Security of Tenure in leases; differences between England and Wales and Northern Ireland

22 September 2015

Michael Duffy, a Solicitor in Worthingtons Commercial Property and Banking Department discusses the differences with security of tenure between England and Wales and Northern Ireland.

Security of Tenure in leases; differences between England and Wales and Northern Ireland

What is Security of Tenure?

Security of Tenure is the right for a business Tenant of a property to occupy it after the lease term expires.

England and Wales

In England and Wales, the relevant legislation is the Landlord and Tenant Act 1954 (“the 1954 Act”). This Act gives Tenants under a commercial lease a statutory right to renew the tenancy at the end of the term and the Landlord can only oppose renewal on certain limited grounds. The most commonly used grounds are that the Landlord has a firm intention to demolish or reconstruct the premises at the end of the tenancy and cannot do so without obtaining possession from the Tenant or that the Landlord intends to occupy the premises for his own business purposes. If either of these grounds are successfully used by the Landlord, compensation may be available for the Tenant.

However the 1954 Act allows the Landlord and Tenant to agree that the statutory renewal protections of the 1954 Act will be excluded provided the ‘contracting out’ procedure is followed. Following the procedure means that:

  • The Tenant loses its statutory right to remain in the premises at the end of the Lease term.
  • The Tenant will have to vacate the premises at the end of the Lease term unless the Landlord offer the Tenant a new Lease.
  • The Tenant cannot seek compensation from the Landlord upon leaving the premises at the end of the Lease.

 In practical terms virtually all Leases in England and Wales are contracted out of the 1954 Act.

Northern Ireland

The 1954 Act does not apply to Northern Ireland. Business Tenancies are governed by the Business Tenancies (Northern Ireland) Order 1996 (“the BTO 1996”).

Under the BTO 1996, any business tenancy which term is greater than 9 months is protected and the Tenant will have security of tenure and the Landlord and Tenant cannot ‘contract out’ of the provisions of the BTO 1996.

Once a Tenancy comes to an end, the Landlord may only oppose a tenancy application by the Tenant on limited grounds, namely:

A. There has been a substantial breach of the Tenant’s repair and maintenance obligations under the Lease.

B.  The Tenant has persistently delayed in paying rent which has become due.

C.  There have been other substantial Tenant breaches under the Lease.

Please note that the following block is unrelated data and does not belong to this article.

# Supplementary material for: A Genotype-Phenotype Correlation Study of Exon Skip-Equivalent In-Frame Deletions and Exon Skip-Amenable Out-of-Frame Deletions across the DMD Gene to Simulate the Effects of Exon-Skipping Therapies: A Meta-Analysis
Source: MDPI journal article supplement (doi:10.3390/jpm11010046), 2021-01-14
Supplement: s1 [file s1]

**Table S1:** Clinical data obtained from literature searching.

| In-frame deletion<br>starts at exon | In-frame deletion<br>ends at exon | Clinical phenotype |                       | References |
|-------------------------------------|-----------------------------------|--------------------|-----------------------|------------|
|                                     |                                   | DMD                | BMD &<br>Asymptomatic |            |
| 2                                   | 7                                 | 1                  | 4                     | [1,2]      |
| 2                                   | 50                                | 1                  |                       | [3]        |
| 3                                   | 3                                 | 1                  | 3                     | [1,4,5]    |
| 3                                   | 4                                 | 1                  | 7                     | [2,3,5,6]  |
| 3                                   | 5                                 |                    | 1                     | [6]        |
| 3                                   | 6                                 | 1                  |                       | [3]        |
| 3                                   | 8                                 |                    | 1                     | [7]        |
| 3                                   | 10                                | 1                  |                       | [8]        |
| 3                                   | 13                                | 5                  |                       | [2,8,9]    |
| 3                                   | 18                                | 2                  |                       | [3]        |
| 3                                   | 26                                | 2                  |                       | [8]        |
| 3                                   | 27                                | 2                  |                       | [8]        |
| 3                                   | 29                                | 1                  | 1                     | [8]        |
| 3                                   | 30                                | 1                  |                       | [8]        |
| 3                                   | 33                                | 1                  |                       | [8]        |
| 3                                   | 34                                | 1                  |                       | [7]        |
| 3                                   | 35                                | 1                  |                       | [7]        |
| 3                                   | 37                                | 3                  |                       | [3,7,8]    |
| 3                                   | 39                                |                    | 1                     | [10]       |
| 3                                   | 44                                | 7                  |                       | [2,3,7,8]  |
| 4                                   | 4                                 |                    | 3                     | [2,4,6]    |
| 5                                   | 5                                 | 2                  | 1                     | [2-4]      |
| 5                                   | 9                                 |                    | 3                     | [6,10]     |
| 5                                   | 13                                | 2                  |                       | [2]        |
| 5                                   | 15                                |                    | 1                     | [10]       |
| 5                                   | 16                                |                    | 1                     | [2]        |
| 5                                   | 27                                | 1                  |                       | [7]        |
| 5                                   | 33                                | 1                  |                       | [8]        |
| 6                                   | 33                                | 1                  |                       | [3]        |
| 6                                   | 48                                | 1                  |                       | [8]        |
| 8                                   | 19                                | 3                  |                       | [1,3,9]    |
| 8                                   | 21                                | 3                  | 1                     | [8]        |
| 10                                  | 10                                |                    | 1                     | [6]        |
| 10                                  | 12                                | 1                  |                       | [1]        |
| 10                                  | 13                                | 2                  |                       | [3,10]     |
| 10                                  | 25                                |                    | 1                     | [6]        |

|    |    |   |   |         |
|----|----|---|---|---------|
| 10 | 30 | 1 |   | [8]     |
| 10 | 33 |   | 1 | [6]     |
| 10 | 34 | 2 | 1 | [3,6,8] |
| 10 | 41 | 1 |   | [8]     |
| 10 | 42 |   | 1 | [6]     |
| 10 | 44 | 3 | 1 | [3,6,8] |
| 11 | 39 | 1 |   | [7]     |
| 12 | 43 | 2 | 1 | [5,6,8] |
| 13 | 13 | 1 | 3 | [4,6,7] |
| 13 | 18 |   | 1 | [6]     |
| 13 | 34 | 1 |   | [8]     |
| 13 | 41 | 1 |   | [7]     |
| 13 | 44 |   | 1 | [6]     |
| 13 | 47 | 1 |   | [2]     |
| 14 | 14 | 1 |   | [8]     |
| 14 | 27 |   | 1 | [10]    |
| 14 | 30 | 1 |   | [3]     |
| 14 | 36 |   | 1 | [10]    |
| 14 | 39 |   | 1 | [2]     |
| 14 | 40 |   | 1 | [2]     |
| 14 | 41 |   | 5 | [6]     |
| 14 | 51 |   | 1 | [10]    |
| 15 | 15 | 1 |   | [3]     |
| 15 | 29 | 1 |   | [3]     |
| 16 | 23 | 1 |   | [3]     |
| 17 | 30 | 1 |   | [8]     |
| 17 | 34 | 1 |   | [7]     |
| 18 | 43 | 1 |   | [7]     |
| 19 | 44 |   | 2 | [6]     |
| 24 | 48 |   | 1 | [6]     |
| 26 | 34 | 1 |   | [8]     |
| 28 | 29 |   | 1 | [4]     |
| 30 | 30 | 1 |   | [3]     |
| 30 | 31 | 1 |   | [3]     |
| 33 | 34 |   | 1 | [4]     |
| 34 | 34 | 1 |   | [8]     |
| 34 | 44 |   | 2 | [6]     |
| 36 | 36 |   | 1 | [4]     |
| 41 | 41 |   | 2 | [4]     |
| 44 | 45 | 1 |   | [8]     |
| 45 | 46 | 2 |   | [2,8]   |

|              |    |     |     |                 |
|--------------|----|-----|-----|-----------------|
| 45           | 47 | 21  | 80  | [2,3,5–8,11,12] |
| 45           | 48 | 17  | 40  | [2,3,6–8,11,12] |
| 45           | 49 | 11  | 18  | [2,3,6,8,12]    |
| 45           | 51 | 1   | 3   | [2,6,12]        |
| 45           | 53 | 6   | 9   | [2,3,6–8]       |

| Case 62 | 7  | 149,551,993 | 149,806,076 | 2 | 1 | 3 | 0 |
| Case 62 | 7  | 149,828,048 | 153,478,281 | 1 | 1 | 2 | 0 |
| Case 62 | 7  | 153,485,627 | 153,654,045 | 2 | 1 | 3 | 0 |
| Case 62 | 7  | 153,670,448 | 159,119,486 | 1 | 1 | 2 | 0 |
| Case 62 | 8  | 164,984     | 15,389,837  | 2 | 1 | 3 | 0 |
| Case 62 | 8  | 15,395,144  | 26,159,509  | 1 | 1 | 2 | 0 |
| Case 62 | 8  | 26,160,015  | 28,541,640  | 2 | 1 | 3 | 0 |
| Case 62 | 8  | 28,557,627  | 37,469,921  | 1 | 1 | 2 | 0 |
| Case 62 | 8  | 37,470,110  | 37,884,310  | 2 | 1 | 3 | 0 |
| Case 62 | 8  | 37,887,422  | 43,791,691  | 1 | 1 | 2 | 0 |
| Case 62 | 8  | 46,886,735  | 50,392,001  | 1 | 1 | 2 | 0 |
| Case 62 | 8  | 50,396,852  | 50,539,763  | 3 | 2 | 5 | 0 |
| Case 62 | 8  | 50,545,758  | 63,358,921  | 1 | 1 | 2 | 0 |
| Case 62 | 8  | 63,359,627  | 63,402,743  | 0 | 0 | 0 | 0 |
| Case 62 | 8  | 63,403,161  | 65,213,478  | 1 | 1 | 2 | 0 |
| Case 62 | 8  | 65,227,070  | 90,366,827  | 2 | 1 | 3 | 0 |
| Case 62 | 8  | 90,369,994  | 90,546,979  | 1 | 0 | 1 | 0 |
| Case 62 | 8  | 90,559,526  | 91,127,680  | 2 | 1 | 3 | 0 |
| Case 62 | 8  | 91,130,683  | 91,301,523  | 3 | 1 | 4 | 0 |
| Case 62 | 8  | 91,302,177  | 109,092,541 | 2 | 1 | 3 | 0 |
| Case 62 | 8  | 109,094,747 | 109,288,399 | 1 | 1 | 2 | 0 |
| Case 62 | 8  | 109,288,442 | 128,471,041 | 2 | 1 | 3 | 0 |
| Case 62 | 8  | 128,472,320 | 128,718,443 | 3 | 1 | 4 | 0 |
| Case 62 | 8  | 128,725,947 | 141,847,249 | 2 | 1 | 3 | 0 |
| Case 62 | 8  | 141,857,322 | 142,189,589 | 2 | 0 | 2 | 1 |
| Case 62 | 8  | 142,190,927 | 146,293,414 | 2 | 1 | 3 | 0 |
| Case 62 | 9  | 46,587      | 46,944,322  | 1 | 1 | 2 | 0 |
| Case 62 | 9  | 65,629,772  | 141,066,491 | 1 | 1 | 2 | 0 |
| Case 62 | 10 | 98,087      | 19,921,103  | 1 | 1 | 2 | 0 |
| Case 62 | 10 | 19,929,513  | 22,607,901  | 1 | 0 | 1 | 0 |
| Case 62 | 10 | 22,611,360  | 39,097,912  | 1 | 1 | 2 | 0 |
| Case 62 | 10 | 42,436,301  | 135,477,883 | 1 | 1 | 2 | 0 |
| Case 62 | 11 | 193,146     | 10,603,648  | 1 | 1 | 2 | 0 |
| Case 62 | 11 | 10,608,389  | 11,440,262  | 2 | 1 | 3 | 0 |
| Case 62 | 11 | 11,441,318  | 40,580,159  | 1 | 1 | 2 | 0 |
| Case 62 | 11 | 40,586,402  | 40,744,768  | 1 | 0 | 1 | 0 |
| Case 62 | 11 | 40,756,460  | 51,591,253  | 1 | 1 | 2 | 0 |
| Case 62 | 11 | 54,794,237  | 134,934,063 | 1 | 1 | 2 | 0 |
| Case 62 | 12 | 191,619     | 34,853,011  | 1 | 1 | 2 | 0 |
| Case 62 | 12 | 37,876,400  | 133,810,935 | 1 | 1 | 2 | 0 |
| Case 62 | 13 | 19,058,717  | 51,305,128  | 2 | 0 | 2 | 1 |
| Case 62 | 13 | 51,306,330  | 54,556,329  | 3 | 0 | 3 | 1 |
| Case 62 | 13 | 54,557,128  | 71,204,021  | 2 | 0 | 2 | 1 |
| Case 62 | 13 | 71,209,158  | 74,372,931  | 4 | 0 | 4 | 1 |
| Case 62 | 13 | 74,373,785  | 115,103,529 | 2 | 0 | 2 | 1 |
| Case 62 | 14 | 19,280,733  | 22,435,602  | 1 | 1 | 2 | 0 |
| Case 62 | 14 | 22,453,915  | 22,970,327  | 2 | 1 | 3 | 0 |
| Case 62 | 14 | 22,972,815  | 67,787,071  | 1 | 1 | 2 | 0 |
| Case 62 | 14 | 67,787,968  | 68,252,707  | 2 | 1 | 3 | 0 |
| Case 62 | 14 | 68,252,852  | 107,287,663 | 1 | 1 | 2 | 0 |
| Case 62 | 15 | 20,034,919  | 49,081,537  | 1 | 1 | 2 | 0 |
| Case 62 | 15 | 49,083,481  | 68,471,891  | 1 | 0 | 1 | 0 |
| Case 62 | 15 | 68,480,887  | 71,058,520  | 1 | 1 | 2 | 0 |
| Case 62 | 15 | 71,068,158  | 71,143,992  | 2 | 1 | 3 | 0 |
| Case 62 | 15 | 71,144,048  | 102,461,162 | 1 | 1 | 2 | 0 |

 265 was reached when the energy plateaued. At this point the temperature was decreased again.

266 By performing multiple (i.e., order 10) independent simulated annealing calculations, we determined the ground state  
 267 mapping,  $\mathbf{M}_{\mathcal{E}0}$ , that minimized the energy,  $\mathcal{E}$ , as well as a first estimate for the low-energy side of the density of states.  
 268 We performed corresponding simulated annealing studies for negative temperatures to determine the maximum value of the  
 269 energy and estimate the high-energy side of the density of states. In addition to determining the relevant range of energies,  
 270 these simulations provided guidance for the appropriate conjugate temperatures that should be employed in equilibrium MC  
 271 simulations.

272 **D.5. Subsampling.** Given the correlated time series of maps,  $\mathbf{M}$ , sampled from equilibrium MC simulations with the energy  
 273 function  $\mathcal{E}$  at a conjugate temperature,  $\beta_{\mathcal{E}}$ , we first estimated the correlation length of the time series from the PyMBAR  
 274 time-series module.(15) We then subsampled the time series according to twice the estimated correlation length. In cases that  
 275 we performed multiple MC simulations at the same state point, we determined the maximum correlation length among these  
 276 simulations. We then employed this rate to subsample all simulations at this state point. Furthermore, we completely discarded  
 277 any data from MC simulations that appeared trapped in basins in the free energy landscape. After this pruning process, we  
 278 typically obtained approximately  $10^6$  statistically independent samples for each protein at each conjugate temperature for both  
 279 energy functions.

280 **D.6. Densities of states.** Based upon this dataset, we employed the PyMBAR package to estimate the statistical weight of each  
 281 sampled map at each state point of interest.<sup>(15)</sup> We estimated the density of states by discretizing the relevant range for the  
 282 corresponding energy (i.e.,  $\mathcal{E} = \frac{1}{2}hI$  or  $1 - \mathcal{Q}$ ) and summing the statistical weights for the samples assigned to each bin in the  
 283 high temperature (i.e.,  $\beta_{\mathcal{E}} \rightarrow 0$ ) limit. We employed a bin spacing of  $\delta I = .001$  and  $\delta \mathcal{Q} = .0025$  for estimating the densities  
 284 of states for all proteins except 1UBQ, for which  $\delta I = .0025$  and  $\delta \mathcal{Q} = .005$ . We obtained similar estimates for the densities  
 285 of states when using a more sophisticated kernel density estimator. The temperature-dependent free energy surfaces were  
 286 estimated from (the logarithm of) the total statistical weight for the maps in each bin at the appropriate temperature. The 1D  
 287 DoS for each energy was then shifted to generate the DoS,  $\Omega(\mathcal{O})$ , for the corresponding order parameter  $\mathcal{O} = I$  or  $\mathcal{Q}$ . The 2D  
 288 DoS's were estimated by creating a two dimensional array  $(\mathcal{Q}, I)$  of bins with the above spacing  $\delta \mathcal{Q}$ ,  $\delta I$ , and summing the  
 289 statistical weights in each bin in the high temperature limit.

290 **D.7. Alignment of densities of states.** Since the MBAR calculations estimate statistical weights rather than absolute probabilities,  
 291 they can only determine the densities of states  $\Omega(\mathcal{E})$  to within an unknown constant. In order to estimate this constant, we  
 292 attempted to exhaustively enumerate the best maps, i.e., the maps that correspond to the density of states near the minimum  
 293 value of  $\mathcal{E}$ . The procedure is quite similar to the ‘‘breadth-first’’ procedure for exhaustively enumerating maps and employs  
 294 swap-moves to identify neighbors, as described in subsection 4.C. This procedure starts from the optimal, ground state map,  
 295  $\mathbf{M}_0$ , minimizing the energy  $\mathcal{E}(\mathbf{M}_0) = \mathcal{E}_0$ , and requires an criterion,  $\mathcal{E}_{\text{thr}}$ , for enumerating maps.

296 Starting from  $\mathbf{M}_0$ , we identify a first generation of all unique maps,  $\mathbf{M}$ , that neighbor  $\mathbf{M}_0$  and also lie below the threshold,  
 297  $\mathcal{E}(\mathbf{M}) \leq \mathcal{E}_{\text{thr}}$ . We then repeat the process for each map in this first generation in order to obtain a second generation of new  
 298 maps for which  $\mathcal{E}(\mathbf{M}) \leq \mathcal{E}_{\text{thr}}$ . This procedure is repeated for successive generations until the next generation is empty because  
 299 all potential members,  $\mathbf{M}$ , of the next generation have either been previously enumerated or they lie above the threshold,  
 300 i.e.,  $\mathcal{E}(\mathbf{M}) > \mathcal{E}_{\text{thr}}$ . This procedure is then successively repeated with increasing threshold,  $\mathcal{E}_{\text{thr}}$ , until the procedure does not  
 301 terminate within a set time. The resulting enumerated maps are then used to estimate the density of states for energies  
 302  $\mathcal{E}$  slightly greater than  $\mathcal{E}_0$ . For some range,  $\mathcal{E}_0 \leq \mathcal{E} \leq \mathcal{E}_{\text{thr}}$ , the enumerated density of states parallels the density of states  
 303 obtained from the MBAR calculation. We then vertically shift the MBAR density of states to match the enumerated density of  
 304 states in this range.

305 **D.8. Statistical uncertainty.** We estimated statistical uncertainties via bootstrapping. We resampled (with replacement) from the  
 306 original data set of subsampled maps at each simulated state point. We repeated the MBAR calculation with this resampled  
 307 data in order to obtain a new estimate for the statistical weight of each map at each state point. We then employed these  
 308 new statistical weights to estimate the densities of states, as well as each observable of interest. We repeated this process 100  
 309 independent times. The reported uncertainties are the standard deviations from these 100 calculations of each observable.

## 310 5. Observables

D. The Landlord has offered and is willing to provide or secure the provision of alternative, suitable and available accommodation for the Tenant.

E. Where the current tenancy was created by the subletting of part only of the property and the Landlord requires possession of the holding for the purpose of letting or otherwise disposing of the property as a whole.

F. That on termination of the current Tenancy, the Landlord intends to demolish a building or carry out substantial works.

G. The Landlord intends the holding to be occupied for a reasonable period for the purposes of a business to be carried on by the Landlord.

H. That the Landlord is a company and that on termination of the current tenancy, a person with a controlling interest in the company intends to occupy the holding for a reasonable period for the purposes of a business to be carried on by him or the company.

I. Where possession of the premises is reasonably necessary for a public authority to carry out its functions under any statutory provision or rule of law.

Compensation is payable to the Tenant if the Landlord successfully opposes the grant of a new Tenancy under grounds E, F, G, H or I detailed above. The Landlord cannot rely on grounds G and H unless he has owned the premises for a period of 5 years as of the time the Tenancy is terminated.

The compensation payable to the Tenant is calculated by multiplying the net annual value of the holding by a multiplier based on the qualifying periods (ie. The length of years the property has been occupied for). The multiplier ranges from 0.31 for a qualifying period not exceeding 5 years to a multiplier of 1.26 for a qualifying period exceeding 15 years.

Although there has been consultations with the Northern Ireland Law Commission with regards to reforming the legislation to bring it more in line with England and Wales, this is yet to come to pass.  

Michael is a Solicitor in the Commercial Property Department at Worthingtons and is dual qualified to practice in both England and Wales and Northern Ireland.

 

 

 

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